Let’s talk about gold. Not just any gold, but lost gold. If there’s one thing more appealing than found gold, it’s lost gold. Because that means that the gold – maybe an unknown, vast quantity of it – is still out there somewhere, just waiting to be found. Like fairy-dust sprinkled from a magic wand to vitalize some situation, a dusting of the lure of gold can make a place attract people – those people looking to make it big.
Sometimes they win; sometimes they lose.
And sometimes they die.
We have our own place of temptation right here in our backyard: the Superstition Mountains. For the past century or more, this rugged range of desolate, inhospitable, and yet beautiful rock formations just to the east of Phoenix has drawn countless treasure seekers. The goal? A mysterious cache of gold, or gold ore, or maybe even a mine itself. Who knows which? That’s part of the mystery, and the draw of the place.
In 1891, one Jacob Waltz, a German immigrant and prospector, known locally as the “Dutchman” (men from both the Netherlands and Germany were then frequently called that in America), died in the Phoenix home of a friend, Julia Thomas. On his deathbed, Waltz described to her the location of a gold deposit of which he knew, deep in the Superstition Mountains. But in his possession then were only a few gold nuggets, and he never had appeared to be a wealthy man.
Yet, Ms. Thomas and two of her friends, the Petrasch brothers, believed that there was something to his story, and they set out to find it. They spent weeks roaming the wilderness, searching for whatever they could find, which ended up being nothing. Julia Thomas did find a way to capitalize on the Dutchman’s fate, however. She drew up and sold some “treasure maps”, as well as told Waltz’s story to at least one freelance writer, who in turn embellished it even further.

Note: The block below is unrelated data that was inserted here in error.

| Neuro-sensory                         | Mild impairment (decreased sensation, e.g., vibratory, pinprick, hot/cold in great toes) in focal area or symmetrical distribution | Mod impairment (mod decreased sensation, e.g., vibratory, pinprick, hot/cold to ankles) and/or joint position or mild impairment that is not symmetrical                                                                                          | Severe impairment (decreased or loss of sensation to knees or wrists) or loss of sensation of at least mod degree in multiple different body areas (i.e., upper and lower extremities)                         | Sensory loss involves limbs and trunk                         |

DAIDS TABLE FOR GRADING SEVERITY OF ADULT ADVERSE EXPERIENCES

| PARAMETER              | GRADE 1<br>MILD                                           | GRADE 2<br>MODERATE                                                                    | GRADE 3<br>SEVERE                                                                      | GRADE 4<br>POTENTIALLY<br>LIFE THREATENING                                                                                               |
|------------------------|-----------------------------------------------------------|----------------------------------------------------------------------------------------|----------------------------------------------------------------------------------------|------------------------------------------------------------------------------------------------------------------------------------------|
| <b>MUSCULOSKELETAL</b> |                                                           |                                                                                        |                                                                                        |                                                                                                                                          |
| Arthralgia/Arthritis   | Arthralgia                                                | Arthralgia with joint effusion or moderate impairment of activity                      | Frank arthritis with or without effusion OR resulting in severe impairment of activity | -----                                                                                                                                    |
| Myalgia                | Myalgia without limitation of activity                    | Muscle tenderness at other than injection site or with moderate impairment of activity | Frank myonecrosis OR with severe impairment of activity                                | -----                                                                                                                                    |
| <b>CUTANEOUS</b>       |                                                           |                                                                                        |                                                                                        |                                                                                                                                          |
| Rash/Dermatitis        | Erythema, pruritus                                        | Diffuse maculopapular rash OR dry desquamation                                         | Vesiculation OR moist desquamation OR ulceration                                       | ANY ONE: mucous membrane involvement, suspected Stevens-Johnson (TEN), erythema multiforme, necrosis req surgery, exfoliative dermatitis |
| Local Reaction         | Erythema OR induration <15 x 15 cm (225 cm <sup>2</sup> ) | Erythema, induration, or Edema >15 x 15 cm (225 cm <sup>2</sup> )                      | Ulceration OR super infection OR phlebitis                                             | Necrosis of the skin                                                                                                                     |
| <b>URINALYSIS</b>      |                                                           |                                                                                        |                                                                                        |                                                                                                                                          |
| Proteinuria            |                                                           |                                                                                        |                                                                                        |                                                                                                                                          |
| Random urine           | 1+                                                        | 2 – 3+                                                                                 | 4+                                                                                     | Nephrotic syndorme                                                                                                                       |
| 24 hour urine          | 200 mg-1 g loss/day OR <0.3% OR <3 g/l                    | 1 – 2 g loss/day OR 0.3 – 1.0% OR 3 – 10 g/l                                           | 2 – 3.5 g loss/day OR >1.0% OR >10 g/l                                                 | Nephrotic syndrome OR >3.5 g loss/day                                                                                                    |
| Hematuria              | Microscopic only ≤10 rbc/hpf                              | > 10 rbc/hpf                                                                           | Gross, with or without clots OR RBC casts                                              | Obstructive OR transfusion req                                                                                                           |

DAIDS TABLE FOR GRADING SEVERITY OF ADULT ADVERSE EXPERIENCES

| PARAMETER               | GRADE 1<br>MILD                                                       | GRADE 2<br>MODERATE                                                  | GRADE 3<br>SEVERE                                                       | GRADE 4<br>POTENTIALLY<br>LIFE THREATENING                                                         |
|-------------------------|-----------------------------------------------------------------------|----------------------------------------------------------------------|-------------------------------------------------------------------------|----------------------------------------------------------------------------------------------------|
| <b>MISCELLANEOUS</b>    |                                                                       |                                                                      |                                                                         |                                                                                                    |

Hence, the story grew, and multiplied. And so today, there are almost too many “Lost Dutchman” stories of which to keep track. (And remember, it is the gold that was lost, not the Dutchman.)
There are variations which include Mexican miners (who supposedly originally found the gold), Apache Indian raiders (who killed the Mexicans and maybe even Waltz’s sometime mining partner, Jacob Wiser), high-graded gold ore stolen by Waltz himself from near Wickenburg and stashed in the Superstitions, and even Jacob Waltz having murdered his partner to hoard the gold for himself.
The wildness of the terrain, the relentless, blazing sun and lack of shade, the dearth of water in the remote desert canyons of the Superstitions, and a colorful cast of crazies, desperadoes, and dream-seekers who have over the years spent countless time seeking out the rumored riches have only added to the luster of the story.
The details of all these legends and maps do not matter so much as the fact that they exist, and that the story of the lost gold endures – the fascination goes on. Over the years more than two dozen adventurers have lost their lives, in one way or another, while exploring the range.
The derivation of the name “Superstition” is not even certain. One version is that in the 1500’s, the Spanish explorer Francisco Vasquez de Coronado apparently gave the mountains that name, based on the Apaches’ claim that therein lay the abode of spirits, ones who did not look kindly upon intrusion, especially in the name of profit.
Only a few years after Jacob Waltz’s passing, hard-rock gold was discovered not far from the north side of the range, near what is now the little mining town of Goldfield. Millions of dollars were taken from the ground during the heyday of mining operations there.
That a true in-situ gold deposit does exist in the Superstitions themselves is very unlikely. As I’ve mentioned in several other GeoStories™ (“Tuff Times”, and “One Piece at a Time”), the range (in this case, the western end, of which is to where the legends refer) is built-up of thousands of feet of ancient volcanic ash, fused into thick, resistant layers which today have eroded into a maze of pinnacles, ridges, and gorges. Barren volcanic cinders – now rock – and that’s all. Barren of precious gold, that is, but not of dreams.
Take a look at the Superstition Mountains from a distance, in the setting sun sometime. If you give pause for a moment, they look yellow, even golden. It’s that would-be coating of gold dust out there that you see.
That and the glimmer in your eyes.
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